One implication of all of this is that the truly free market is farther away than we imagine. Long suggests several ways in which a freed market would be different from what we see around us today. Notably, nearly all of these differences are to the benefit of the consumer and the small or start-up business. These likely outcomes of laissez faire suggest new grounds for left-liberals and libertarians to revise their thinking on economic issues and on politics more generally.
In his response to Long, Matthew Yglesias argues that although corporations naturally seek to win special privileges from the state, libertarianism is far from the obvious solution to the problem. Instead, he reiterates the charge that libertarians often act as corporate apologists and suggests that the net effect of any “free market” advocacy will tend strongly toward corporate power. Liberals may have much to learn from libertarians on certain issues and in some policy areas, but the laissez-faire solution to corporate political influence is unworkable.
Steven Horwitz offers several examples of so-called “de-regulation” that only served to benefit corporations, while leaving the government, and therefore the taxpayers, to shoulder the risks of the market. He argues that market competition is a form of regulation, albeit a kind worth wanting, as it forces corporations to respond to consumer demand and punishes them when they fail to meet it. He takes issue with Long’s lead essay by arguing that “playing defense,” that is, defending today’s corporations when they act consonantly with a fully freed market, is a valuable part of libertarian advocacy. One must nonetheless take issue with these same corporations when they violate the principles of laissez faire and distinguish carefully between these cases.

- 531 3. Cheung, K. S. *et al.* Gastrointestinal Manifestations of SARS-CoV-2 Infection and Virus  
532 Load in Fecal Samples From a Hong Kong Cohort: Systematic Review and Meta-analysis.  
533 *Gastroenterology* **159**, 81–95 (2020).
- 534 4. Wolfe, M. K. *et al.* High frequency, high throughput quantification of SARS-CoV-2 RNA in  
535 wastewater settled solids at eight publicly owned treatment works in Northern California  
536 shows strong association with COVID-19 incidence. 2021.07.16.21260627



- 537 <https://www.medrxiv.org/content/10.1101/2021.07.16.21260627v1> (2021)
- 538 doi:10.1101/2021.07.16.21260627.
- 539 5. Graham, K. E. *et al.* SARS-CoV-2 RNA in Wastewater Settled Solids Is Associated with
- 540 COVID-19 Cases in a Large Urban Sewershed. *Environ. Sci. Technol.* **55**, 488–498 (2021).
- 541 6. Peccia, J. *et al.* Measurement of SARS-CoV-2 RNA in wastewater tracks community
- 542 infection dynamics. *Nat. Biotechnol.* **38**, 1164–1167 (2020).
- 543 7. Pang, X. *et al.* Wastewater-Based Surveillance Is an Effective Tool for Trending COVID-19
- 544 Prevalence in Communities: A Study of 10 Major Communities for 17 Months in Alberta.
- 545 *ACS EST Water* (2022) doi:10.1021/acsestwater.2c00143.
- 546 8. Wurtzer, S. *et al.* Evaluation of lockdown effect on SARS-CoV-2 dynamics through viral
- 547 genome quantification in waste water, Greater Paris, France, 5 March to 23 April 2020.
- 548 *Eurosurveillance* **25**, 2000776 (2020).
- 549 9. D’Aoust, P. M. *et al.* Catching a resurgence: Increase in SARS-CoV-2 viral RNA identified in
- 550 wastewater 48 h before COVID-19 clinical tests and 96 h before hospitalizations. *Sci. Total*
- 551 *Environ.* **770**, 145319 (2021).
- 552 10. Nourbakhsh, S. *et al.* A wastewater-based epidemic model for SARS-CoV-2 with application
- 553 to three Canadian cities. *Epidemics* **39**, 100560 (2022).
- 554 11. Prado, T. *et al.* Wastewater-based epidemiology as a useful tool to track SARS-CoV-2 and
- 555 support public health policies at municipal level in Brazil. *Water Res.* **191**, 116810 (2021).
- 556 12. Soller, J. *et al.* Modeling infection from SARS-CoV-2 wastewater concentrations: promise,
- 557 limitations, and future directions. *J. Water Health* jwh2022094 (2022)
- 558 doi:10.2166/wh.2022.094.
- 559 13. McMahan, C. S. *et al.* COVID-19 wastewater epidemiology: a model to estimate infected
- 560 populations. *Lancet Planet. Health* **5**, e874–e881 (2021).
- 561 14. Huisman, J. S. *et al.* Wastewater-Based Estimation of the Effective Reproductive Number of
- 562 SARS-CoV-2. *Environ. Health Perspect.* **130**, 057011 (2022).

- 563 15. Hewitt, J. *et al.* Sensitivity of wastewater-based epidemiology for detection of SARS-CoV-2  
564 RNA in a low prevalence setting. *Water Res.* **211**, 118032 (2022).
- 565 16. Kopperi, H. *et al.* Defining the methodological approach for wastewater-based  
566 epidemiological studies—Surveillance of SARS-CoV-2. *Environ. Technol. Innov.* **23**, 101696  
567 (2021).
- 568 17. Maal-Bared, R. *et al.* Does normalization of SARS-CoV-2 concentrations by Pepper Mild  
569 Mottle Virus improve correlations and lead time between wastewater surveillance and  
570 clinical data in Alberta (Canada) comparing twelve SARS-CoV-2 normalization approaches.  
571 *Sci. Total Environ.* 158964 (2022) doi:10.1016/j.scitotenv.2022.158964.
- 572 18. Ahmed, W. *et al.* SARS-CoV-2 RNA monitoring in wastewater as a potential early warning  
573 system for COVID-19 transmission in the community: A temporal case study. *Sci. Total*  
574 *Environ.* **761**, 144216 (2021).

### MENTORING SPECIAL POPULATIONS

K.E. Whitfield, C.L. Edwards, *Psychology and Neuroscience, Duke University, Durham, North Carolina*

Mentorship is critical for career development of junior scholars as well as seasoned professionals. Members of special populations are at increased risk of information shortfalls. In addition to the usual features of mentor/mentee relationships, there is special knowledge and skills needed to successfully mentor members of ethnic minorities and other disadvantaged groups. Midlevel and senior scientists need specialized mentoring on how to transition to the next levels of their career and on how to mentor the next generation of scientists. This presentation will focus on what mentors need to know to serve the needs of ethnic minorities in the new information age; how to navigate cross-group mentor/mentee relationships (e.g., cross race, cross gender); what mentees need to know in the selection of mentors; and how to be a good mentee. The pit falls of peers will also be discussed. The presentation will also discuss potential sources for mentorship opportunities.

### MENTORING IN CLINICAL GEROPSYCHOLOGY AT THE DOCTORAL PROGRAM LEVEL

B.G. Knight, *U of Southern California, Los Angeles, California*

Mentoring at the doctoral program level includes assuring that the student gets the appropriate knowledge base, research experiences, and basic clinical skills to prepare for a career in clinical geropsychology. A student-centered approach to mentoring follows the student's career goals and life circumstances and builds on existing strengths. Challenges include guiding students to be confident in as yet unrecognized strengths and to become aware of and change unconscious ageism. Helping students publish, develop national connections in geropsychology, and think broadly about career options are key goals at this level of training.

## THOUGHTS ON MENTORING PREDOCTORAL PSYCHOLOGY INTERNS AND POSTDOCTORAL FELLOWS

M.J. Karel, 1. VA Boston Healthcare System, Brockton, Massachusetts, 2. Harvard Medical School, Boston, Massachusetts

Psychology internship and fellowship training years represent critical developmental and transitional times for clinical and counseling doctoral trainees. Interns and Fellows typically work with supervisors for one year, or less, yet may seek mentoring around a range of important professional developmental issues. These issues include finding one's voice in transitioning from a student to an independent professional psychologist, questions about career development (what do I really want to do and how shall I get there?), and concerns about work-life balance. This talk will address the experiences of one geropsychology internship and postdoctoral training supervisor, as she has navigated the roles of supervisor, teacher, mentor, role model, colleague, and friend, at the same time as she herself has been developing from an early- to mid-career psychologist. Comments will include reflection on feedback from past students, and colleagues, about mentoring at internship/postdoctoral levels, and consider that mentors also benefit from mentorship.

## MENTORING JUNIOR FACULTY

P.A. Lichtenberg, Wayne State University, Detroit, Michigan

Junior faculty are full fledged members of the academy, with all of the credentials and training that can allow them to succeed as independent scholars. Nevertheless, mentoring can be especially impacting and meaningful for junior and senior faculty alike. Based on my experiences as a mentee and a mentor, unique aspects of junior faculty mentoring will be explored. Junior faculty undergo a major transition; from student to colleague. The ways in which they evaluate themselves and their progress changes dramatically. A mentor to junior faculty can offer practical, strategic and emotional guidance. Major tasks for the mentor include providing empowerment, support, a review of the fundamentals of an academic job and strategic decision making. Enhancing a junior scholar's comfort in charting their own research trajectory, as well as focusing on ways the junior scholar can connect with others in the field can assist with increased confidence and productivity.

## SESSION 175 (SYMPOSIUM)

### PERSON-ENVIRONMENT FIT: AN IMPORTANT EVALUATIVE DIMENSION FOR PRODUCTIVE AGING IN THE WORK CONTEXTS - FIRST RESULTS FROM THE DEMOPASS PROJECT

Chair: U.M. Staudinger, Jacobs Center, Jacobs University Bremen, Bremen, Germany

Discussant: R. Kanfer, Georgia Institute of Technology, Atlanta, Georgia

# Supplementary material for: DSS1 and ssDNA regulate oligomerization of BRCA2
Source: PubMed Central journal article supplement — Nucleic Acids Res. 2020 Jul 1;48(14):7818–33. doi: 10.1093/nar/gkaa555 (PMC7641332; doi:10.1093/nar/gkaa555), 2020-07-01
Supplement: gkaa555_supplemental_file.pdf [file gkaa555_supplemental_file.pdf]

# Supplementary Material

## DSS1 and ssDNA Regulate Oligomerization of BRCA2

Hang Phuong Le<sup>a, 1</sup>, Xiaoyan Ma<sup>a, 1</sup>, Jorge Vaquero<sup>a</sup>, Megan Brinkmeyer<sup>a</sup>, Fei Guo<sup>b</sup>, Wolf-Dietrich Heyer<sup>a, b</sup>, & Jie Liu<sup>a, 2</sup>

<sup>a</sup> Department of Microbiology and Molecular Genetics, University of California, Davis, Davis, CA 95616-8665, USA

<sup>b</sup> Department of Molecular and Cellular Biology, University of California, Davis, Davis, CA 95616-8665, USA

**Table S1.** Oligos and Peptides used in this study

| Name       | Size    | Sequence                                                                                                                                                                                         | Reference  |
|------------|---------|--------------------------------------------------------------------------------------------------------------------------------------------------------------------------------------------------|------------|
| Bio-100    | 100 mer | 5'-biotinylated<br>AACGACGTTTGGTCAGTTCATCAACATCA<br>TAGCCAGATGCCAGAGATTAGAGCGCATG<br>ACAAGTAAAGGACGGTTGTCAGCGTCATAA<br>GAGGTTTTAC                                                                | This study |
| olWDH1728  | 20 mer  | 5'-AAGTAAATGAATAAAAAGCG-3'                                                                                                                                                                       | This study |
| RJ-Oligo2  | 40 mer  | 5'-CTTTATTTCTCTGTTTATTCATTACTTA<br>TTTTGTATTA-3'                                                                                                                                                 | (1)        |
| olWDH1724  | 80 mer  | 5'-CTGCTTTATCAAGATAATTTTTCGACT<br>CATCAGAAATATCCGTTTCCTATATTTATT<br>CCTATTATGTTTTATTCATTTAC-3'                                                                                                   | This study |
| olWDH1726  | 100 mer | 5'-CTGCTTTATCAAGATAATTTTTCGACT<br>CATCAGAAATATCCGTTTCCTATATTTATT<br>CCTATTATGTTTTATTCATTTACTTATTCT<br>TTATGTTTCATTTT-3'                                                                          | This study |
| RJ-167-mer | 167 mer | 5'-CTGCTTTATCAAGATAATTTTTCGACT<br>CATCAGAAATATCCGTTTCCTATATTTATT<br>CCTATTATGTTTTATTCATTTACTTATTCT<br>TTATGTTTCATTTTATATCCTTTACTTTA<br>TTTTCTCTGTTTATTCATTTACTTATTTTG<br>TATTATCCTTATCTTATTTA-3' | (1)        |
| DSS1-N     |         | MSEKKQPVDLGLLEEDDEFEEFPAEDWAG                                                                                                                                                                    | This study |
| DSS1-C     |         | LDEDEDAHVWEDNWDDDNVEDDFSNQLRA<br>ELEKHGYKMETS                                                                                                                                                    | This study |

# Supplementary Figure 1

In his response essay, Dean Baker declines to tally up a “score” of how well libertarians, or other groups, have defended a truly impartial, laissez faire economy. Instead, he suggests intellectual property as an obvious area where libertarians must challenge corporate power to distort the market. Patents that make health care more expensive and copyrights that artificially restrict whole areas of our culture are obviously concessions to corporatism, and the “extraordinary abuses” undertaken to enforce these privileges should be vigorously challenged. Although libertarianism has been skeptical of both patents and copyrights, Baker suggests that this is an area deserving still further attention, and one in which liberals could perhaps become solid allies.
The discussion this month has focused to a greater than usual degree on the activities of certain Cato Institute policy scholars. The editors thought it appropriate to solicit responses, and we present them here in their entirety.
Related at Cato
» Article: The New Role and Politics of State Regulation (pdf), by Paul Teske
» Book: Leviathan on the Right: How Big-Government Conservatism Brought Down the Republican Revolution, by Michael D. Tanner
» Policy Analysis: Medical Licensing: An Obstacle to Affordable, Quality Care, by Shirley Svorny
» Article: The Future of Copyright, by Rasmus Fleischer